Alberta introduces new firearms legislation in latest pushback against Ottawa gun ban

As of May 2020, more than 1,500 different models of assault-style firearms are banned in Canada. Alberta’s UCP government, which has objected to the policy, is proposing legislation to establish a provincial role in implementing federal policy in Alberta.JONATHAN HAYWARD/The Canadian Press

Under Alberta’s proposed new gun legislation, Attorney General Tyler Shandro would be given the power to license “seizure agents” and oversee gun-related funding agreements between Ottawa and municipalities — including their police forces.

The Alberta Firearms Act, introduced into the legislature on Tuesday, is the United Conservative government’s latest push against Ottawa’s ban and buyback program aimed at restricting “assault weapons.” Last September, Mr. Shandro ordered the RCMP not to enforce the federal government’s program. Alberta has joined lawsuits challenging the constitutionality of banning certain guns.

If passed, the law would also provide clarity on the provincial chief firearms officer’s role in implementing federal policy and outline compensation expectations for owners of affected guns. To support this regulatory effort, the staff in the Firearms Officer’s Office would grow from 30 to 70 people.

Mr. Shandro told a news conference that the goal is to provide clarity on the province’s role in overseeing firearms regulations, as there is confusion and uncertainty about Ottawa’s overall strategy.

“We are all confused,” said the justice minister. “The law gives us the flexibility to quickly develop these responses and regulations to respond to federal government action.”

As of May 2020, more than 1,500 different models of assault-style firearms are banned in Canada. Canadians who own these firearms have until the end of October to turn them in under an amnesty program.

A federal gun control bill is still under consideration after Liberals withdrew an amendment outlining the definition of guns deemed unsafe for civilian use, drawing criticism from conservatives and firearms advocates who said it would lead to the ban frequently used hunting rifles and shotguns.

Audrey Champoux, press secretary for Federal Minister of Public Safety Marco Mendicino, said in a statement that Alberta was “reckless” in its position on gun policy.

“It is the primary responsibility of any government to protect its citizens, and the Alberta government’s consistent obstruction of sound gun policy is reckless,” Ms. Champoux said.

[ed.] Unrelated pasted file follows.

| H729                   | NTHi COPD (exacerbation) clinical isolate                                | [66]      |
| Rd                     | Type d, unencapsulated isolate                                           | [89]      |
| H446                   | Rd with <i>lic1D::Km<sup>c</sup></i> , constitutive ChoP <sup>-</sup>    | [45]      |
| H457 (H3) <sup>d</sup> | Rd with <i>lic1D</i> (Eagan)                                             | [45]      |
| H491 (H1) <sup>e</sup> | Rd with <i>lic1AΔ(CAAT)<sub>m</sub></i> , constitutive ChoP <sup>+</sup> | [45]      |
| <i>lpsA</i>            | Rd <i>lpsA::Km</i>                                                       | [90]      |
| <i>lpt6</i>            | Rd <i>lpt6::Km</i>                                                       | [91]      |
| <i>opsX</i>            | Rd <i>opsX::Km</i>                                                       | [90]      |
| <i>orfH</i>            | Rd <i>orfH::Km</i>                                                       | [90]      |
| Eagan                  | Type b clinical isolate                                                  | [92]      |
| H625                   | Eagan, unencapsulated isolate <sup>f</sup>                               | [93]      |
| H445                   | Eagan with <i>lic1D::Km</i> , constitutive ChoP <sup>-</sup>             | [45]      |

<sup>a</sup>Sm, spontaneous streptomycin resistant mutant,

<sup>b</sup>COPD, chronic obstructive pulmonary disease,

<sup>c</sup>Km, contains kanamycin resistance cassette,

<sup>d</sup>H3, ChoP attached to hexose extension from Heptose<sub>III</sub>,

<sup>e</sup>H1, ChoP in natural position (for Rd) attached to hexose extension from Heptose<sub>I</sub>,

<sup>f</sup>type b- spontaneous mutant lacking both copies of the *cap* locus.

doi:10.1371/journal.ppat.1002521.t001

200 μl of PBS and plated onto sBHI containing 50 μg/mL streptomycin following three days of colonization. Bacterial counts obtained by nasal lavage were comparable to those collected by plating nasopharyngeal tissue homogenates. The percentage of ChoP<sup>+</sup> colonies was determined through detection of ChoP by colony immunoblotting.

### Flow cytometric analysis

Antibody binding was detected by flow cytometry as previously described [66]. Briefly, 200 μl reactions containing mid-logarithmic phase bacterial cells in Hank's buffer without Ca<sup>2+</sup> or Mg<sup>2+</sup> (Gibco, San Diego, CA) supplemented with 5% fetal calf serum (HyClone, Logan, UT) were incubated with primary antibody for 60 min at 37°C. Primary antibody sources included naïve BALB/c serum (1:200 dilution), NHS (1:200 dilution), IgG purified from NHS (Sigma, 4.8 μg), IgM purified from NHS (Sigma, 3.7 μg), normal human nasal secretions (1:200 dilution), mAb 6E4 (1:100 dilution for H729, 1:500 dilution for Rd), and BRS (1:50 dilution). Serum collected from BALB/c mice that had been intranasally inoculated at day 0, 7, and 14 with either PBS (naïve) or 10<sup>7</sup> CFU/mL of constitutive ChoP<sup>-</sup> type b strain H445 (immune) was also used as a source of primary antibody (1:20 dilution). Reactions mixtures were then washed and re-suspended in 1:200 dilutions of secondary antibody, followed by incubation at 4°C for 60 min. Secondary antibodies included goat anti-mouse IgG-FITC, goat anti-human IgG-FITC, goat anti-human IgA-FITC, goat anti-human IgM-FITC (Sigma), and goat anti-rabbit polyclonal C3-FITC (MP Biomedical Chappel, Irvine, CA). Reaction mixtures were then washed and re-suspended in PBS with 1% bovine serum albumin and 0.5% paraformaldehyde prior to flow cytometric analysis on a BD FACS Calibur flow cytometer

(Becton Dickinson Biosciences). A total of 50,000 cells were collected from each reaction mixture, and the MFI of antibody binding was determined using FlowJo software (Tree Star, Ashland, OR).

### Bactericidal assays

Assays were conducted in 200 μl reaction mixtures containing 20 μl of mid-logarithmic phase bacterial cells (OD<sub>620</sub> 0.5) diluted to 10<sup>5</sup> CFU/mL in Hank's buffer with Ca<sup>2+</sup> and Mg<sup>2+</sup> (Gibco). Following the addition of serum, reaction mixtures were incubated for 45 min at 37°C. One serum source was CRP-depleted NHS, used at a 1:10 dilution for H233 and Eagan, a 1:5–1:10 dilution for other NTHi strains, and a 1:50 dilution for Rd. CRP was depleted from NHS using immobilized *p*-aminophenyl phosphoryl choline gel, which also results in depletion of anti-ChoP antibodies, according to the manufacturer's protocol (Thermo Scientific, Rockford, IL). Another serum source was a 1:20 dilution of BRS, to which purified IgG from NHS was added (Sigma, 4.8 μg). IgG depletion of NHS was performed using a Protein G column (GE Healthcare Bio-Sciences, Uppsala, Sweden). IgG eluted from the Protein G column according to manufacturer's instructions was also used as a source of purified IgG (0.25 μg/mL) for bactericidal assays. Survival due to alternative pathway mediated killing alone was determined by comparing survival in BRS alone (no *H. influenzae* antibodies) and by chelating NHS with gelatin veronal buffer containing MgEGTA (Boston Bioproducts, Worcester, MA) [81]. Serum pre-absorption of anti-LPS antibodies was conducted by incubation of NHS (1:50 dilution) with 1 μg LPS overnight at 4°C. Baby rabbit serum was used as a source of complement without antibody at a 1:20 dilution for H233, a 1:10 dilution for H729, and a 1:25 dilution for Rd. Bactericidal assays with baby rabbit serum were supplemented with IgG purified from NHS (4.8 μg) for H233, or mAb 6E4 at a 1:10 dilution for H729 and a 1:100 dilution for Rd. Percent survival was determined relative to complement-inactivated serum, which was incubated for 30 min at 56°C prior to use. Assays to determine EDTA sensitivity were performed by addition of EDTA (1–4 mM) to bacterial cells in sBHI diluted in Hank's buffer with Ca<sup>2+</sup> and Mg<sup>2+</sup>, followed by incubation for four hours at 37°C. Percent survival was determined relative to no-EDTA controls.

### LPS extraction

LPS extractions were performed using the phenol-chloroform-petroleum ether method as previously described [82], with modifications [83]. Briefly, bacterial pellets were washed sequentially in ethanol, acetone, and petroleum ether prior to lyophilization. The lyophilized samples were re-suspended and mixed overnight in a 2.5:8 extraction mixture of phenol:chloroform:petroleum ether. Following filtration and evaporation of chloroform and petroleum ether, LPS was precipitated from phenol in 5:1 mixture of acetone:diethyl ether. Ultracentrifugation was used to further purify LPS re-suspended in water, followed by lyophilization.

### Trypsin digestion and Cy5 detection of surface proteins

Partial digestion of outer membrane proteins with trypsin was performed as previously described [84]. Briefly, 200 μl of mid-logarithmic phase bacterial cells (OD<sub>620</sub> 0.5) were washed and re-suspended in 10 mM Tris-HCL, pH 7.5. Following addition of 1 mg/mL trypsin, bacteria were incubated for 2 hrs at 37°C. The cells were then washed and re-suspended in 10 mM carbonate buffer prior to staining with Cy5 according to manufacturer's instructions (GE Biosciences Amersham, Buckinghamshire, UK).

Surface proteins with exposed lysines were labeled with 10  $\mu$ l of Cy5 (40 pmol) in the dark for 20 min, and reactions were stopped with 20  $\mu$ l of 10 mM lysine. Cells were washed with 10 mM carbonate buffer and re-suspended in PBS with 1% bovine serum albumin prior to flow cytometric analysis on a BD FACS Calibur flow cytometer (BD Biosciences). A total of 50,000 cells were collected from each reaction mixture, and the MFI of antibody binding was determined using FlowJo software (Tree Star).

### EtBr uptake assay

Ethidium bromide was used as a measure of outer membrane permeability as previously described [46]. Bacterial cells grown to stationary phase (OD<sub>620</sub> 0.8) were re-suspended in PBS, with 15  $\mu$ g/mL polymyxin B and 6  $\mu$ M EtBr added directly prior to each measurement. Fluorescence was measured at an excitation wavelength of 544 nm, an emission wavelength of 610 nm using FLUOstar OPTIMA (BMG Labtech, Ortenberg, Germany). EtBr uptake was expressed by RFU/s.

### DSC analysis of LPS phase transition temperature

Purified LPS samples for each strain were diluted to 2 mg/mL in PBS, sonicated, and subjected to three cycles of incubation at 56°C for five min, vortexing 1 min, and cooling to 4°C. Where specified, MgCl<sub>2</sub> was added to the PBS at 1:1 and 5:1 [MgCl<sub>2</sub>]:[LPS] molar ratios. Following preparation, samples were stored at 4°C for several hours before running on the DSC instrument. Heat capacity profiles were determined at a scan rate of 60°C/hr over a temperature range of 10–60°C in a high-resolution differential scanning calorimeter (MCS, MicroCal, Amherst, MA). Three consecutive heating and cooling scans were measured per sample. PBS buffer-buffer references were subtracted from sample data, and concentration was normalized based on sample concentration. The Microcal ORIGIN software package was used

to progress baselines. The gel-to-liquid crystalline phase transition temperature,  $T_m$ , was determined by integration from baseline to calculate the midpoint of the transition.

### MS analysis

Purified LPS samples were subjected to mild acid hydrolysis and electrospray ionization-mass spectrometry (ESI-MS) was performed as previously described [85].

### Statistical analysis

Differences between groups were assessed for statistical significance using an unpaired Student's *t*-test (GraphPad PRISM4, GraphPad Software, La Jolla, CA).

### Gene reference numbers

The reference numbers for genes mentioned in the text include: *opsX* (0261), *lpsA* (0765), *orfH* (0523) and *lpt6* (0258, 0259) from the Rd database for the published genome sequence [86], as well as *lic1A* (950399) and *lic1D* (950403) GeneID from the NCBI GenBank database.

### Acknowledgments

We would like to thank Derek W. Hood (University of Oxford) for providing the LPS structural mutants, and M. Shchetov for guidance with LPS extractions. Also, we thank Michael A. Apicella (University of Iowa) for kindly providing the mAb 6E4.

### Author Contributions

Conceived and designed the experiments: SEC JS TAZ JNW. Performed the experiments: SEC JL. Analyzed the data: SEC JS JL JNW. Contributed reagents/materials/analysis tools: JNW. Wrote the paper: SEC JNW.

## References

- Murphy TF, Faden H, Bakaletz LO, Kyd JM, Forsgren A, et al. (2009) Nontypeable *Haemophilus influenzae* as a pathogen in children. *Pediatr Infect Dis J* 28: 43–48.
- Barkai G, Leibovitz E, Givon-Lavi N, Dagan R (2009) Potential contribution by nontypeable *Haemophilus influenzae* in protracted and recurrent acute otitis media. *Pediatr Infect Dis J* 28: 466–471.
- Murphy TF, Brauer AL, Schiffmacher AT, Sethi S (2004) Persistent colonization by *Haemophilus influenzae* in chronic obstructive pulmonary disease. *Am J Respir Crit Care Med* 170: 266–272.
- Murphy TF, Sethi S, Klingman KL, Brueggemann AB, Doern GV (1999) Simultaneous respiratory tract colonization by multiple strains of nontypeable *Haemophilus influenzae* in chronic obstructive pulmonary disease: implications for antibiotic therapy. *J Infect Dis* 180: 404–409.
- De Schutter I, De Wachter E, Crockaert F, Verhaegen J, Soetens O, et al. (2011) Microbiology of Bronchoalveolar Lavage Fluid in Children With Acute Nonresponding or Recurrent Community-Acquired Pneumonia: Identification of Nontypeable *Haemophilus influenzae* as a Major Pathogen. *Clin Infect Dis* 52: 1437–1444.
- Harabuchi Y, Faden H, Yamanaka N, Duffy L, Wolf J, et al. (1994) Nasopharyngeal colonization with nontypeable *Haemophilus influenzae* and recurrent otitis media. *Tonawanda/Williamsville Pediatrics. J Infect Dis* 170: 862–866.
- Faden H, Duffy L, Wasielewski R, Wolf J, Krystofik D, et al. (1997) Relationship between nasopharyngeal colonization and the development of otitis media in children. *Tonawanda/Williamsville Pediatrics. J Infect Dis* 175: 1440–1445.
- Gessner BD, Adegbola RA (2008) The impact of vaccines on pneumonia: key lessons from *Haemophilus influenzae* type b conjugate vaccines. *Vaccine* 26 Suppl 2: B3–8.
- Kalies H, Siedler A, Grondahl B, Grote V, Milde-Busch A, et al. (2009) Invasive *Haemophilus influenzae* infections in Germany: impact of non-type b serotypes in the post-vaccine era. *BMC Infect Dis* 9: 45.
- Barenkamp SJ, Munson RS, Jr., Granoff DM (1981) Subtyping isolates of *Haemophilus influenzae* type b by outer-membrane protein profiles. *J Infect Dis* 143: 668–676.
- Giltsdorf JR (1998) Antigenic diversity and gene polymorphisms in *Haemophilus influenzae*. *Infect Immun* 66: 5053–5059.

“Moreover, Canadian courts have repeatedly affirmed that firearms regulation falls directly under federal jurisdiction. Albertans expect their federal and provincial governments to work together to protect their communities and not try to do stunts. Law enforcement will enforce the law.”

Alberta’s bill states that the Attorney General can license individuals or companies to act as “attachment agents” and has the power to renew, vary, suspend or revoke the license under the regulations.

But Mr Shandro said the province doesn’t think “anyone should be involved in being hired as a seizure agent for the seizure program”, effectively making this part of the legislation cosmetic.

He also said there was major concern that municipalities were working with the federal government “to take their money” and hiring city employees as “seizure agents.” He said Alberta did not consult with city leaders – or Indigenous communities – before introducing Tuesday’s bill.

The legislation would require by law that a municipal agency, police service or police commission meet provincial regulatory requirements before accepting funds from Ottawa to “assist in the enforcement of a particular edict.”

Mr Shandro contested the idea that this was a provincial transgression, saying public safety, which falls under their jurisdiction, comes into play with the transport of weapons.

Lisa Young, a political scientist at the University of Calgary, said the UCP government’s introduction of her version of this bill accomplishes two goals as Alberta’s general election fast approaches.

“The first is to resist the federal government in a policy area where the federal government’s approach is not particularly popular in Alberta,” said Dr. Young.

“The second thing it accomplishes is that it sends signals to the party base that the government is listening and standing with them on an issue that I think is probably very important to this group.”

Saskatchewan proposed a similar law in December. It is billed as a way to protect firearm owners by establishing licensing requirements for individuals and companies involved in gun seizures, while calling for forensic and ballistic testing and fair compensation for firearms seized. It would also lead to the creation of a regional firearms regulatory system to “promote the safe and responsible use of firearms”.

With a file from The Canadian Press


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